From the Industrial Revolution through the Gulf War, the state of robots has progressed rapidly. This rapid growth has been accompanied by companies developing sentient machines which are more creative and compassionate than humans.

While scientists are harnessing the power of robots to improve their own ability to work and conduct humanitarian projects, data from a study published in Nature suggests that production robots might be a much more resource-intensive form of automation than traditional robot manufacturing.

The study suggests that automated production jobs could pose a significant threat to human jobs as robots grow. The study, conducted by researchers at the University of Guelph, concluded that automated production jobs provide better job security than traditional robot manufacturing jobs.

With the rise of robot manufacturing, many manufacturers are facing the prospect of layoffs. Promoting technological advances in robotics and computerization has improved the productivity of labour intensive industrial processes, which is present in many large businesses, such as financial institutions. Given the relative efficiency of robots, increasing automation has encouraged innovation in engineering and manufacturing, reducing redundancy.

As the production economy improves, workers are brought into the loop to regulate production processes. This has made large companies able to plan their production lines in advance, avoid major disruptions to the supply chain and promote efficiencies.

However, increasing automation could also reduce jobs, so researchers, led by Guelph Professors Catharine Asma and Dr. Leo W. Bonfils, created a statistical method to identify the production robotics based on sensor inputs. The system was designed to evaluate whether manual labour is required to produce parts rather than robots.

The researchers highlighted that automation already reduces labour intensive manufacturing of non-automotive goods, such as farm labour and power tools. However, during peak production periods, robots used at sensitive parts often require manual labour.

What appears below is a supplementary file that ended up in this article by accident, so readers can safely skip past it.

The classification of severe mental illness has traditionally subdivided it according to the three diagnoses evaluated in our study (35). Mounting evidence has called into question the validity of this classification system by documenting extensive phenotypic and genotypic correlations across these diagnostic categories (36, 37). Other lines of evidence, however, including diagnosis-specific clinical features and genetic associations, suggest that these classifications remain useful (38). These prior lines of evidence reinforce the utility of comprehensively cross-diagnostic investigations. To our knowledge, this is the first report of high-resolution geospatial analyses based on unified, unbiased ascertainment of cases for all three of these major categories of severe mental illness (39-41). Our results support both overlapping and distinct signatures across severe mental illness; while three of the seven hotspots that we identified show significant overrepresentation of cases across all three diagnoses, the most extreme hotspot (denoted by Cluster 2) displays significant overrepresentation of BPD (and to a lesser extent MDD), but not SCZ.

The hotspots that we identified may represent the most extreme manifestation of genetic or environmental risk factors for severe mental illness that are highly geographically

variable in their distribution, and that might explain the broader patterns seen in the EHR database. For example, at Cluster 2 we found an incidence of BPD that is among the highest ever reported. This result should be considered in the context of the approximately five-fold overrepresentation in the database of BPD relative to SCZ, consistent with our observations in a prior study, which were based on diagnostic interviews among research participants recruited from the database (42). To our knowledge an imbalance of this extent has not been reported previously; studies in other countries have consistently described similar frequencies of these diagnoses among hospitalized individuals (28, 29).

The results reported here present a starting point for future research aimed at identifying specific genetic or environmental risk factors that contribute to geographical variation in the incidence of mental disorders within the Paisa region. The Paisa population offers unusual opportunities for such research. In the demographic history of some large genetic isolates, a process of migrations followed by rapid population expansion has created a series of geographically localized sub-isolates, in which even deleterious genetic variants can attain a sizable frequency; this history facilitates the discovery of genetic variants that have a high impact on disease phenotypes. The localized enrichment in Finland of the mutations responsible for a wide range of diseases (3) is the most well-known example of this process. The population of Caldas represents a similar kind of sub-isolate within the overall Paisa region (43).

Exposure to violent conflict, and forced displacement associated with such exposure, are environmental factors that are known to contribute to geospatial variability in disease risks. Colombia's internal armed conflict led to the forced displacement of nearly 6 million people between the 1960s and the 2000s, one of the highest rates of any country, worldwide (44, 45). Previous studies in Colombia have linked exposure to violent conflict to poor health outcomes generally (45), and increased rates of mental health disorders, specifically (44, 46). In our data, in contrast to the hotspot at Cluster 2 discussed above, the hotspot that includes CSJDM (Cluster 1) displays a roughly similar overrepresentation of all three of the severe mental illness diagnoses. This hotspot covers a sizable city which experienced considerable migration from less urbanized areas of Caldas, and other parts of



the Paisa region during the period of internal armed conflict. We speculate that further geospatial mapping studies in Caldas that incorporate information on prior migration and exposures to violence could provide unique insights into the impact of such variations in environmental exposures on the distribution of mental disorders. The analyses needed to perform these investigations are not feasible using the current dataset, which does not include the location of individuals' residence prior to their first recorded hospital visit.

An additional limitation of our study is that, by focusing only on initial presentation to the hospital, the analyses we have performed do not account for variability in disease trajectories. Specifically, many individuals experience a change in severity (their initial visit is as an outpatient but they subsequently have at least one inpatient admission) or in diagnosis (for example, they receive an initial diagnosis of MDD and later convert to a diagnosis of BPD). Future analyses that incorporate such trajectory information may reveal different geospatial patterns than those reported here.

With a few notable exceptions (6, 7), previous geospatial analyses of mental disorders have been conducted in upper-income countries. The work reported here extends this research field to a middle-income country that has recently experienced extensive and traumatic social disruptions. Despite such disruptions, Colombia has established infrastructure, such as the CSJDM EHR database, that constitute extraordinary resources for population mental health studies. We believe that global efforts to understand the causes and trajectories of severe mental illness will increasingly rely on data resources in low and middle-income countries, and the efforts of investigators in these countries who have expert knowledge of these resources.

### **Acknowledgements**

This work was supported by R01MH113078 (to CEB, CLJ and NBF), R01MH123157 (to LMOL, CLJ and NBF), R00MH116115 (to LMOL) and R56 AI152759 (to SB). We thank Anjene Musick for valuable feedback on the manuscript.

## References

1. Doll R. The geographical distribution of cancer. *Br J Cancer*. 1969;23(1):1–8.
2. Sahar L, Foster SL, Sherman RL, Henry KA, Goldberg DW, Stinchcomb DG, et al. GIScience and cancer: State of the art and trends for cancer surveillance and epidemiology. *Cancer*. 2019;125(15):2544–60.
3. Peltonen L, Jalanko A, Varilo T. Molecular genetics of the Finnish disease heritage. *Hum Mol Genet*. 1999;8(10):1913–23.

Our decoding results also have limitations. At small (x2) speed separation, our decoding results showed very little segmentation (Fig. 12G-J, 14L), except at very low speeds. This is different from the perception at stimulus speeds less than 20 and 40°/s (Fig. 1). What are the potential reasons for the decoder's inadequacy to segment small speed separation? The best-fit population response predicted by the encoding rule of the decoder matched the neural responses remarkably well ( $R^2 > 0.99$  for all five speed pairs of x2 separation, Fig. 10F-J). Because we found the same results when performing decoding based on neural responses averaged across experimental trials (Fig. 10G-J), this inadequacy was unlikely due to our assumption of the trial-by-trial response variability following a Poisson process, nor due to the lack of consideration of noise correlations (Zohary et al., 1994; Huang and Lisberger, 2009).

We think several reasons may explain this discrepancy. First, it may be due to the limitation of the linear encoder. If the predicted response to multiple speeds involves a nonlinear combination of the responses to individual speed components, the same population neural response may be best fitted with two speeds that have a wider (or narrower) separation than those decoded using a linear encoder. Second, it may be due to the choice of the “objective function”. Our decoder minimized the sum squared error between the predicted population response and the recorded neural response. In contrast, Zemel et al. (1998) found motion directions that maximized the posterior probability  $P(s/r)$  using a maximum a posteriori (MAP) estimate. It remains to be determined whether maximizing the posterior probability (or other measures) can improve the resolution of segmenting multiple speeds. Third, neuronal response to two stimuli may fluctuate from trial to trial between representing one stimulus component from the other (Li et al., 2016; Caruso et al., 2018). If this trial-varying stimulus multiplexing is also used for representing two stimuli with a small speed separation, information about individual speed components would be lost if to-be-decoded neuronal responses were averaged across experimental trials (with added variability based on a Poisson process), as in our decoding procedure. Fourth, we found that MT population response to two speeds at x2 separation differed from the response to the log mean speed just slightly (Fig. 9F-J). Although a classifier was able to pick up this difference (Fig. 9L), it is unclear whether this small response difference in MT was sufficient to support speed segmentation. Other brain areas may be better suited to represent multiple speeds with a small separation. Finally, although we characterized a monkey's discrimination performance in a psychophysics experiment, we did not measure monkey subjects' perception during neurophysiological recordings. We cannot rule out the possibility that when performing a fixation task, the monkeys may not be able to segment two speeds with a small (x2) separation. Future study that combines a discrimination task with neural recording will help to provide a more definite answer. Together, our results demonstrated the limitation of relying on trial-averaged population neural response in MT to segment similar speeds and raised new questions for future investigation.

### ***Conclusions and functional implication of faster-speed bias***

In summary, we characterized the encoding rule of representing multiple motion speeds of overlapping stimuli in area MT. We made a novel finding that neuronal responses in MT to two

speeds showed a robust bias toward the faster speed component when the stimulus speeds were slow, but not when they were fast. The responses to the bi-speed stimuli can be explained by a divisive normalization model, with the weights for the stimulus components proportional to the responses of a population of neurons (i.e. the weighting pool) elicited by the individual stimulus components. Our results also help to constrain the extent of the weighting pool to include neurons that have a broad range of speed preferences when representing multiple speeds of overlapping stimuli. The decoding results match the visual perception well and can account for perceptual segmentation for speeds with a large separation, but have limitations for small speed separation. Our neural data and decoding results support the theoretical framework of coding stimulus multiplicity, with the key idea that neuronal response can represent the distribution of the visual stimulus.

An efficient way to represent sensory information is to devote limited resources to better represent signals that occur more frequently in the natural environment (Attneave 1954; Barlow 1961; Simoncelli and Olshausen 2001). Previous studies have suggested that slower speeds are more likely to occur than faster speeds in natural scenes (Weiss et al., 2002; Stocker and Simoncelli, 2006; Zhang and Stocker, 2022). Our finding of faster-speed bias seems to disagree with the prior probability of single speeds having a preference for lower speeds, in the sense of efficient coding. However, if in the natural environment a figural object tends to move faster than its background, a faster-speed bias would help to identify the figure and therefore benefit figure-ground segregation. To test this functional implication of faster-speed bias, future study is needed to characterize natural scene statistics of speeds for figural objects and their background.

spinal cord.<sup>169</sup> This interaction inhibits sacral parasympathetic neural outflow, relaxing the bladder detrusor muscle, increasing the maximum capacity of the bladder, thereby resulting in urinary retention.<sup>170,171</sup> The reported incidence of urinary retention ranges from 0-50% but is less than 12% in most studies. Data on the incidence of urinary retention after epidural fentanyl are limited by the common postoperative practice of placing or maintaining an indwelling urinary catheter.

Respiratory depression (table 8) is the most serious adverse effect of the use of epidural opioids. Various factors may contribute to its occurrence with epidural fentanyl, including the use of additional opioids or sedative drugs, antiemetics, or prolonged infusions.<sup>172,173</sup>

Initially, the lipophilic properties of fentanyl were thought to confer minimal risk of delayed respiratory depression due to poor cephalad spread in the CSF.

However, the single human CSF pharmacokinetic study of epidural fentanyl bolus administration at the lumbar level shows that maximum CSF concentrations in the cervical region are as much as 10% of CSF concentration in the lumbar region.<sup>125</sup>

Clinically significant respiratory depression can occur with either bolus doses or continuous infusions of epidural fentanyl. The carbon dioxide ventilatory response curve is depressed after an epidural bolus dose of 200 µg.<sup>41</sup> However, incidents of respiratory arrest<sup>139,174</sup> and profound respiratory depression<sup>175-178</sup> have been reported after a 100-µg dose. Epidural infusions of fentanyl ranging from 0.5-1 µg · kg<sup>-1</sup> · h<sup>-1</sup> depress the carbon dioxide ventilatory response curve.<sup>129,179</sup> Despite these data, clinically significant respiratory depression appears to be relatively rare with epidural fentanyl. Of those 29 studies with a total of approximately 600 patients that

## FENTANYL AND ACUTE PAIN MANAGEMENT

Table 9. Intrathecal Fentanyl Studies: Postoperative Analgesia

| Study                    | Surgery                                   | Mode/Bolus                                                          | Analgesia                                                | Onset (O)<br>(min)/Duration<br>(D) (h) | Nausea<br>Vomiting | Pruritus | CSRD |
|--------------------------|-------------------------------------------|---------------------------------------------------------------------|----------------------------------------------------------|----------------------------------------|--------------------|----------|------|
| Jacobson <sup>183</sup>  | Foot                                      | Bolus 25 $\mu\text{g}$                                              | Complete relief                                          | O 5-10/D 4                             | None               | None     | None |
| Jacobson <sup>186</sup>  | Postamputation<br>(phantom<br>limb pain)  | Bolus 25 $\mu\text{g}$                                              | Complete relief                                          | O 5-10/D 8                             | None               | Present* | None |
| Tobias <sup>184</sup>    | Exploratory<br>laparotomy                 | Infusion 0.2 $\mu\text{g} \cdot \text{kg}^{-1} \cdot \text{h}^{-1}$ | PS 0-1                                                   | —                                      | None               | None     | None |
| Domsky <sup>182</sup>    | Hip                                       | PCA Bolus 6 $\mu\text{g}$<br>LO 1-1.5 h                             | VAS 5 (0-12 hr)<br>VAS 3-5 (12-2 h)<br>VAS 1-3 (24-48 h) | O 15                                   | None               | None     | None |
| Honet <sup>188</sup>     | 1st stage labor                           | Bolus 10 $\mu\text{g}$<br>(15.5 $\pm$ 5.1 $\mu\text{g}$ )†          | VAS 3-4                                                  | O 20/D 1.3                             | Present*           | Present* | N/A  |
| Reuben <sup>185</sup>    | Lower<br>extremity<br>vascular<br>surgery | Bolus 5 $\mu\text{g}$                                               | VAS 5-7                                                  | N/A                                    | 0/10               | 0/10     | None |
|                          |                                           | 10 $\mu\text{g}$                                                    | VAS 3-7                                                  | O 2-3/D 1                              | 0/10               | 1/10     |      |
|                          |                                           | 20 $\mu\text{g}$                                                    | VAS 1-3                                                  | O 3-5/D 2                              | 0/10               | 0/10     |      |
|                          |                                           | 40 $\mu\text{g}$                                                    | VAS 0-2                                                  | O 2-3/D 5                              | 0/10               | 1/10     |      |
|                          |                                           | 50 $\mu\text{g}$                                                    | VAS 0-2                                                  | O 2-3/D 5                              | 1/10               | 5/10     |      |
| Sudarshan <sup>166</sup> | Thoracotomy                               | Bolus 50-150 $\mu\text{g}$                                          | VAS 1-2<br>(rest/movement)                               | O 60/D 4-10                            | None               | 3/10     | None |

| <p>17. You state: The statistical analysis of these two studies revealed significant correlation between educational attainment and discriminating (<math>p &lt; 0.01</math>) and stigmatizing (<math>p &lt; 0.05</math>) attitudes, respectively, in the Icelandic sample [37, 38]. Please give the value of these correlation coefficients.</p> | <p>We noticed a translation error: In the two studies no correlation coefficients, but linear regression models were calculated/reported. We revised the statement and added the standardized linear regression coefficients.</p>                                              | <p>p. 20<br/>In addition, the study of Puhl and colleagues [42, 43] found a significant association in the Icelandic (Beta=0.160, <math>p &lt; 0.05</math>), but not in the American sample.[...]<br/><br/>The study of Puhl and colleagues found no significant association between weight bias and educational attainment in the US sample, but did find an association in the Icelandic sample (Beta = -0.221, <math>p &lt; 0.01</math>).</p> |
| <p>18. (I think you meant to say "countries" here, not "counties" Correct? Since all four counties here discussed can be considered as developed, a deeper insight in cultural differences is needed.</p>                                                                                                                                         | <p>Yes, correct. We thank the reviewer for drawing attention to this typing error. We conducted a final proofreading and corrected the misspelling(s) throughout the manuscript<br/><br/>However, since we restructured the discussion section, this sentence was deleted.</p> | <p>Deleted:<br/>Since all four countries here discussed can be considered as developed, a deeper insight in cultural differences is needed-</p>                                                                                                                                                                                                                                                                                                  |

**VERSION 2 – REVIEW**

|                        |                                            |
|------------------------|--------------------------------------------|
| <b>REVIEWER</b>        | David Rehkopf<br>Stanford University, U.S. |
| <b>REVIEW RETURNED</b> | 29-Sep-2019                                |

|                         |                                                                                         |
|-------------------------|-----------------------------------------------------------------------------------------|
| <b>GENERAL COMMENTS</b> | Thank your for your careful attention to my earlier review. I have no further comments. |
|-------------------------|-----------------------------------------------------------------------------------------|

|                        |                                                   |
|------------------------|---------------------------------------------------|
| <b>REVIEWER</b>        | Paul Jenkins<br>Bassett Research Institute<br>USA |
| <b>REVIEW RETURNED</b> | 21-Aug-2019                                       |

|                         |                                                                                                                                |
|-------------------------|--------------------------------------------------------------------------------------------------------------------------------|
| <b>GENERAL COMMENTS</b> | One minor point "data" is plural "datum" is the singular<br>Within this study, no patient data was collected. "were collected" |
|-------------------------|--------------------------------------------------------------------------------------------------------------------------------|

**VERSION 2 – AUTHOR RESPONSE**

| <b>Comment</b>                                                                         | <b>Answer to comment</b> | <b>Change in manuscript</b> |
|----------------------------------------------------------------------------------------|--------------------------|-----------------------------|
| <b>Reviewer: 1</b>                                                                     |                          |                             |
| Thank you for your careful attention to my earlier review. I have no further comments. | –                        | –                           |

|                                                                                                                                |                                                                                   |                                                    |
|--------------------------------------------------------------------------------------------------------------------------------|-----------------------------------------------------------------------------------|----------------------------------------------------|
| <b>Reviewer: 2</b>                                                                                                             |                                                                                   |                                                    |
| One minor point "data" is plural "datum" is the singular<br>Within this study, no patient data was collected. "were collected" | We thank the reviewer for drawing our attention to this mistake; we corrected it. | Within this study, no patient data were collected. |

“All you need is 10,000 sensors, and you can do things like automate these jobs,” said Mr. Bonfils. “There is a robot being produced, and so when you have a sudden technological surge, people have to stop doing the work for a while and look at each other and say, ‘How can I do this?’”

For example, he argued, someone who has a short time to produce a robot component could switch back to labour so as to keep up with requirements. “Technicians spend a lot of time there learning how to find sensors and custom tune them and reassemble,” he said. “But people who need to do repetitive work are much more inclined to take a different path to it.”

The findings suggest that the report of reducing repetitive labour for machines may prove to be short-sighted. Robots may play a role in reducing labour intensive labour, but they cannot replace it completely. While robots have been developed in a position to relieve repetitive labour, it is highly unlikely that they can replace it completely.

Still, the study suggests that AI could assist traditional manufacturing when humans were unable to oversee operation. By focusing less on manual skills, machine learning could provide an additional level of productivity to the production sector.

“AI is much easier to use in the manufacturing sector now than it was a few years ago,” said Dr. Bonfils. “When humans are working and robots are being produced, machines are literally working for the sake of work. It would be wonderful if we could change the nature of work to support productivity in machine manufacturing.”

While Mr. Bonfils estimates that 20 per cent of the human labour force can be saved simply by automating manual jobs, he warned that the reduction in labour, such as manual labour for robots, may actually be a strain on human resources.

“When it comes to the whole question of how AI affects labour, it is a lot more complicated than it appears,” he said. “If you want to engineer robots that work in isolation from the rest of the population, you’re going to get more output per person and more employees. It doesn’t mean you’re going to decrease the size of the workforce. It’s just that you’re not going to be able to recruit the same number of people to be on the job.”

However, Mr. Bonfils noted that automation could help eliminate out of sight the need for humans. “If robots were human and you were able to harness their skill sets in the lowest most specific job, automation could help reduce the need for humans.”

The report is published in the journal Nature.